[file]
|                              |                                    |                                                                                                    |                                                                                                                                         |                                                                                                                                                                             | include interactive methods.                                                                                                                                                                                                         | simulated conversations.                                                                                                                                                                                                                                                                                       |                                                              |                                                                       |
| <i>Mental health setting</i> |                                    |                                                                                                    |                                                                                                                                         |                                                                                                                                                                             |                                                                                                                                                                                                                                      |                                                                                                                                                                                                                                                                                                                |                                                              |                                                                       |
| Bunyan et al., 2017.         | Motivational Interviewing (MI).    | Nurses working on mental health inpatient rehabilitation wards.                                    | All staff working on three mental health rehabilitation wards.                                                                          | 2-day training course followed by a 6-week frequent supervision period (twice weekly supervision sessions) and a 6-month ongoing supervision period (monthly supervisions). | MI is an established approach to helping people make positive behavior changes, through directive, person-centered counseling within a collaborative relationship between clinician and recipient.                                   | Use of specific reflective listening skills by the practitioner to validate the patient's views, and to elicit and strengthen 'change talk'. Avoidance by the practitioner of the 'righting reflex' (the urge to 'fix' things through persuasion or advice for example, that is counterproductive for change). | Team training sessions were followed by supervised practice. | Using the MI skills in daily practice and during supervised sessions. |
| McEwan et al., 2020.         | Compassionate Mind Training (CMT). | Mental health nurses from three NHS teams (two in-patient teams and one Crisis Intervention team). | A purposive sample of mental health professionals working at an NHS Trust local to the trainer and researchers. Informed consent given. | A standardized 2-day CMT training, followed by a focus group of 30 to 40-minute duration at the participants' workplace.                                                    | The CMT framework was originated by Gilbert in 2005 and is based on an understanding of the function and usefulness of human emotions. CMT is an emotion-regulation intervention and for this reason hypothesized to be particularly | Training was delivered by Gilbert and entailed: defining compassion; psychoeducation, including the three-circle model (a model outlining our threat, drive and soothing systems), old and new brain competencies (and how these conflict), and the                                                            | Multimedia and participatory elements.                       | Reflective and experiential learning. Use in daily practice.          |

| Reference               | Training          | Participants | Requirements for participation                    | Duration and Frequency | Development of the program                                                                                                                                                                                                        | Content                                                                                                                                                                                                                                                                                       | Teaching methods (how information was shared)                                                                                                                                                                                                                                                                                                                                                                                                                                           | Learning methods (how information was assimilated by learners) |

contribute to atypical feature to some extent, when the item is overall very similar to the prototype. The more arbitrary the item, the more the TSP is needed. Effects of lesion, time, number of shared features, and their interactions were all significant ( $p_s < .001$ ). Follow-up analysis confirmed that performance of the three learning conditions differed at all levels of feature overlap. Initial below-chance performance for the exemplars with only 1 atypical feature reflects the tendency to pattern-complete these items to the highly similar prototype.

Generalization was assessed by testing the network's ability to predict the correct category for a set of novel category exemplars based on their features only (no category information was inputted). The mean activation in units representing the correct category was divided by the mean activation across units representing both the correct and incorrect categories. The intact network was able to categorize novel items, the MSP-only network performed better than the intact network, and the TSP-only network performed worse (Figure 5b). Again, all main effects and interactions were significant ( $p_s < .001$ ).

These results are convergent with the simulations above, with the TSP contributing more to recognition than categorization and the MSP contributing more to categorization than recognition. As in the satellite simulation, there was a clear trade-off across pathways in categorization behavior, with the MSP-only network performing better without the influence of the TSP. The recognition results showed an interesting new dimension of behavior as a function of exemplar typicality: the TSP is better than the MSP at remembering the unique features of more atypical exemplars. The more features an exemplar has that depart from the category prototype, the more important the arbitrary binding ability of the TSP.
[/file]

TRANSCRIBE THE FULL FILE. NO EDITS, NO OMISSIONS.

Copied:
|                              |                                    |                                                                                                    |                                                                                                                                         |                                                                                                                                                                             | include interactive methods.                                                                                                                                                                                                         | simulated conversations.                                                                                                                                                                                                                                                                                       |                                                              |                                                                       |
| <i>Mental health setting</i> |                                    |                                                                                                    |                                                                                                                                         |                                                                                                                                                                             |                                                                                                                                                                                                                                      |                                                                                                                                                                                                                                                                                                                |                                                              |                                                                       |
| Bunyan et al., 2017.         | Motivational Interviewing (MI).    | Nurses working on mental health inpatient rehabilitation wards.                                    | All staff working on three mental health rehabilitation wards.                                                                          | 2-day training course followed by a 6-week frequent supervision period (twice weekly supervision sessions) and a 6-month ongoing supervision period (monthly supervisions). | MI is an established approach to helping people make positive behavior changes, through directive, person-centered counseling within a collaborative relationship between clinician and recipient.                                   | Use of specific reflective listening skills by the practitioner to validate the patient's views, and to elicit and strengthen 'change talk'. Avoidance by the practitioner of the 'righting reflex' (the urge to 'fix' things through persuasion or advice for example, that is counterproductive for change). | Team training sessions were followed by supervised practice. | Using the MI skills in daily practice and during supervised sessions. |
| McEwan et al., 2020.         | Compassionate Mind Training (CMT). | Mental health nurses from three NHS teams (two in-patient teams and one Crisis Intervention team). | A purposive sample of mental health professionals working at an NHS Trust local to the trainer and researchers. Informed consent given. | A standardized 2-day CMT training, followed by a focus group of 30 to 40-minute duration at the participants' workplace.                                                    | The CMT framework was originated by Gilbert in 2005 and is based on an understanding of the function and usefulness of human emotions. CMT is an emotion-regulation intervention and for this reason hypothesized to be particularly | Training was delivered by Gilbert and entailed: defining compassion; psychoeducation, including the three-circle model (a model outlining our threat, drive and soothing systems), old and new brain competencies (and how these conflict), and the                                                            | Multimedia and participatory elements.                       | Reflective and experiential learning. Use in daily practice.          |

| Reference               | Training          | Participants | Requirements for participation                    | Duration and Frequency | Development of the program                                                                                                                                                                                                        | Content                                                                                                                                                                                                                                                                                       | Teaching methods (how information was shared)                                                                                                                                                                                                                                                                                                                                                                                                                                           | Learning methods (how information was assimilated by learners) |

contribute to atypical feature to some extent, when the item is overall very similar to the prototype. The more arbitrary the item, the more the TSP is needed. Effects of lesion, time, number of shared features, and their interactions were all significant ( $p_s < .001$ ). Follow-up analysis confirmed that performance of the three learning conditions differed at all levels of feature overlap. Initial below-chance performance for the exemplars with only 1 atypical feature reflects the tendency to pattern-complete these items to the highly similar prototype.

Generalization was assessed by testing the network's ability to predict the correct category for a set of novel category exemplars based on their features only (no category information was inputted). The mean activation in units representing the correct category was divided by the mean activation across units representing both the correct and incorrect categories. The intact network was able to categorize novel items, the MSP-only network performed better than the intact network, and the TSP-only network performed worse (Figure 5b). Again, all main effects and interactions were significant ( $p_s < .001$ ).

These results are convergent with the simulations above, with the TSP contributing more to recognition than categorization and the MSP contributing more to categorization than recognition. As in the satellite simulation, there was a clear trade-off across pathways in categorization behavior, with the MSP-only network performing better without the influence of the TSP. The recognition results showed an interesting new dimension of behavior as a function of exemplar typicality: the TSP is better than the MSP at remembering the unique features of more atypical exemplars. The more features an exemplar has that depart from the category prototype, the more important the arbitrary binding ability of the TSP.